Since the 1990s increased institutional investments in information and communication technology, with support from business and industry, have added important dimensions to consortia design. This growth has been most evident in multisystems and research universities as well as across national and international boundaries. Factors contributing to their longevity include the leadership and commitment of senior executives; formal agreements on resource sharing; collaboration in agenda setting, issue definition, and problem solving; realistic time-lines for project development; continuity in personnel; and complementary strategies for overcoming inequities and cultural differences among disparate partners.

Multipurpose academic consortia. The Association for Consortium Leadership (ACL) has identified 125 member consortia in the United States; these vary in size from 3 to 100 institutions engaged in a variety of collaborative projects. Two successful multipurpose academic consortia are Five Colleges, Inc. (Amherst, Smith, Mount Holyoke, and Hampshire Colleges and the University of Massachusetts– Amherst) and the Claremont Colleges, Inc., in California. Five Colleges is an independent, not-for-profit entity coordinated by an executive director and staff, drawing financial support from its member institutions and foundation grants, and operating collaborative faculty and student projects, including free transit throughout its service area. The Claremont Colleges in California, founded in 1925, brings together five independent but contiguous liberal arts colleges and two graduate institutions for collaborative business and academic services, most recently involving the development of an online cross-registration module in the five undergraduate colleges and better utilization of information technology across all seven institutions. The Western Interstate Commission on Higher Education (WICHE) works with fifteen member states in devising cooperative programs and conducting policy research that addresses the needs of students in its service area. These include a student exchange program at the undergraduate, graduate, and professional levels, a cooperative for educational telecommunications, and the Consortium for North American Higher Education Collaboration (CONAHEC).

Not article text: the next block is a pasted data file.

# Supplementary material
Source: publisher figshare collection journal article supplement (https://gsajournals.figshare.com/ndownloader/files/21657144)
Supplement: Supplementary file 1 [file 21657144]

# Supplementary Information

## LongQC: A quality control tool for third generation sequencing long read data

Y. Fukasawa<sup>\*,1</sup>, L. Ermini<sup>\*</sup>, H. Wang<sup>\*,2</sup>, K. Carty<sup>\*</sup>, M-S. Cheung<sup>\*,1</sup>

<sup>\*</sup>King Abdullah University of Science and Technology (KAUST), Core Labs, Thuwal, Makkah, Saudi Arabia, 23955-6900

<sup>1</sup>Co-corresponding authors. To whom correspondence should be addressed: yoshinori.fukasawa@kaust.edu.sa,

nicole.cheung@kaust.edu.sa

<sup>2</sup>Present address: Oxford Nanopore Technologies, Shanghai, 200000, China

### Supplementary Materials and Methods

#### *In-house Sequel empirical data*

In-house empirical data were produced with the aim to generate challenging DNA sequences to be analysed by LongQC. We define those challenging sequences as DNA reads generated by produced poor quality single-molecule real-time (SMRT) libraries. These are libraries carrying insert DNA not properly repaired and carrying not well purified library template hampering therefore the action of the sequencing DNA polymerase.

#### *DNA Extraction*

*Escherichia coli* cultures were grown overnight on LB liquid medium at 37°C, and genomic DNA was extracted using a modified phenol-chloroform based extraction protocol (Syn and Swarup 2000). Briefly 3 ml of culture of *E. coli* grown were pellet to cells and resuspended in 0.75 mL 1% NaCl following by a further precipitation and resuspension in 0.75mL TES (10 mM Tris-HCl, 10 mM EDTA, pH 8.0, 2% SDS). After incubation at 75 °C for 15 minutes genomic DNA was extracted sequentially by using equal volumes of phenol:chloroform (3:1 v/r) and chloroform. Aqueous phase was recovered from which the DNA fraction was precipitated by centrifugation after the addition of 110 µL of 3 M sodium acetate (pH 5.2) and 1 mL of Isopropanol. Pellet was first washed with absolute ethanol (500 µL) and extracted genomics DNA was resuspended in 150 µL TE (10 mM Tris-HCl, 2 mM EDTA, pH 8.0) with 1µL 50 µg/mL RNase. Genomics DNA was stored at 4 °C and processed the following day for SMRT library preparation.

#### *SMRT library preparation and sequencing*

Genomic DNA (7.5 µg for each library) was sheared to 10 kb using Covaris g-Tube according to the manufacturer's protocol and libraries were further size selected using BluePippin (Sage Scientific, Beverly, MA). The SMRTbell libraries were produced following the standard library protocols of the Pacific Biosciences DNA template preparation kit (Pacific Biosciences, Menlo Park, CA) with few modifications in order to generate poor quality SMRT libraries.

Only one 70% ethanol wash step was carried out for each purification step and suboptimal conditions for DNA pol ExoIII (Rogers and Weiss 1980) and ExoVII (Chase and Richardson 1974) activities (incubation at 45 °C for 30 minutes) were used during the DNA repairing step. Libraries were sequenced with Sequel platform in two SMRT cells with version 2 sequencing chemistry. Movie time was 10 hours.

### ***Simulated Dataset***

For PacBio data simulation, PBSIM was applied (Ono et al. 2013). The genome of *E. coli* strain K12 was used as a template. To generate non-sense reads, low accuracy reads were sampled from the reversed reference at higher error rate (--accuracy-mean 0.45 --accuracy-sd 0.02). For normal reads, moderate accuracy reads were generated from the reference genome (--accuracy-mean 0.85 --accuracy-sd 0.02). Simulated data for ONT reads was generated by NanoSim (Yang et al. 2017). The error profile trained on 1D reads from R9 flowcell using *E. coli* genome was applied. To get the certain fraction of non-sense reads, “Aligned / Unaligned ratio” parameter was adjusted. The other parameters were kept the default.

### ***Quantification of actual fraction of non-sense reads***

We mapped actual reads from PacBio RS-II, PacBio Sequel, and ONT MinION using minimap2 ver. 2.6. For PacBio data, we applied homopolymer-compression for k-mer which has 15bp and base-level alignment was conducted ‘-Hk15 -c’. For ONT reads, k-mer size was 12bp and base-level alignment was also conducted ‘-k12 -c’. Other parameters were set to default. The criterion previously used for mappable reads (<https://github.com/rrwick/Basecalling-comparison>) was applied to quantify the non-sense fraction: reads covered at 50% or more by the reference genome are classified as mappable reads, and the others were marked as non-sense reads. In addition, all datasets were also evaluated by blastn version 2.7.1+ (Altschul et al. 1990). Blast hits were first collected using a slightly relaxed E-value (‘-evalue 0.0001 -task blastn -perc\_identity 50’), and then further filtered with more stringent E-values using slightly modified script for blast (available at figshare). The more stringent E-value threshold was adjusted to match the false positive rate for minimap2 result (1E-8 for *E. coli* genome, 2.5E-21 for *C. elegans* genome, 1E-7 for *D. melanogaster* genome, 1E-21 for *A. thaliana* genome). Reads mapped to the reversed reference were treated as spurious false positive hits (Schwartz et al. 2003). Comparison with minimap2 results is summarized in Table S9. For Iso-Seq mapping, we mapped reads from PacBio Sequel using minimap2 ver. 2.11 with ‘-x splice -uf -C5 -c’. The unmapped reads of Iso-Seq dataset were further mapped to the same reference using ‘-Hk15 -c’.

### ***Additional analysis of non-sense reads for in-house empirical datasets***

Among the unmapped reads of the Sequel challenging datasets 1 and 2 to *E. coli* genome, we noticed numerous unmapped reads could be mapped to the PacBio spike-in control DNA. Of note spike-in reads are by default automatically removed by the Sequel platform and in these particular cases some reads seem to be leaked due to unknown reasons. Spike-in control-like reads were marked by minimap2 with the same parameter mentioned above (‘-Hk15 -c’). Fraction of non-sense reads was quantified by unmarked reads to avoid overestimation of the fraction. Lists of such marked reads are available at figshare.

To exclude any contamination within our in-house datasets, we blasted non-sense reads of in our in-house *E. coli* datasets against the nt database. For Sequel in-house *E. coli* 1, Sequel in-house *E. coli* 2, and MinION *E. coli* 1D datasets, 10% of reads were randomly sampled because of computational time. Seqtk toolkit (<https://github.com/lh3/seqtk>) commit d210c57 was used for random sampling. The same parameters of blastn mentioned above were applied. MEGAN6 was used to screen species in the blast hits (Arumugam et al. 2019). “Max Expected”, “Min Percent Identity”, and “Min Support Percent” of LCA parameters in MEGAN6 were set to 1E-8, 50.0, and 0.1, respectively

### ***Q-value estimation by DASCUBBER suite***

Technology-planning consortia. Other examples of consortia engaged in strategic technology planning across entire regions are the Colleges of Worcester (Massachusetts) Consortium, the New Hampshire College and University Council, and the Consortium of Universities in the Washington Metropolitan Area. The Internet2 Project, a consortium of more than 100 universities, has as its mission cooperative development, operation, and technology transfer of advanced, network-based applications and network services in its member universities as well as internationally. A technology initiative in the greater Chicago area brings together public and private colleges and universities in the North Suburban Higher Education Consortium with museums, school districts, and historical societies. A faculty initiative of twelve of the Pennsylvania State University's academic colleges and its library system, and two historically black institutions, Cheyney and Lincoln Universities, are also engaged in designing and developing standards for quality distance education. Its guiding principles address learning goals and content presentation, teaching-learning interactions, assessment and evaluation criteria, instructional media and software tools, and the development of learner support systems and services. A national initiative, the Community of Agile Partners in Education (CAPE), includes 125 colleges, universities, school districts, medical schools and hospitals, and community-based organizations throughout the United States and abroad, providing training in pedagogical applications of videoconferencing, Internet use, and other technologies, and the sponsorship of interinstitutional cooperative faculty teaching and research projects.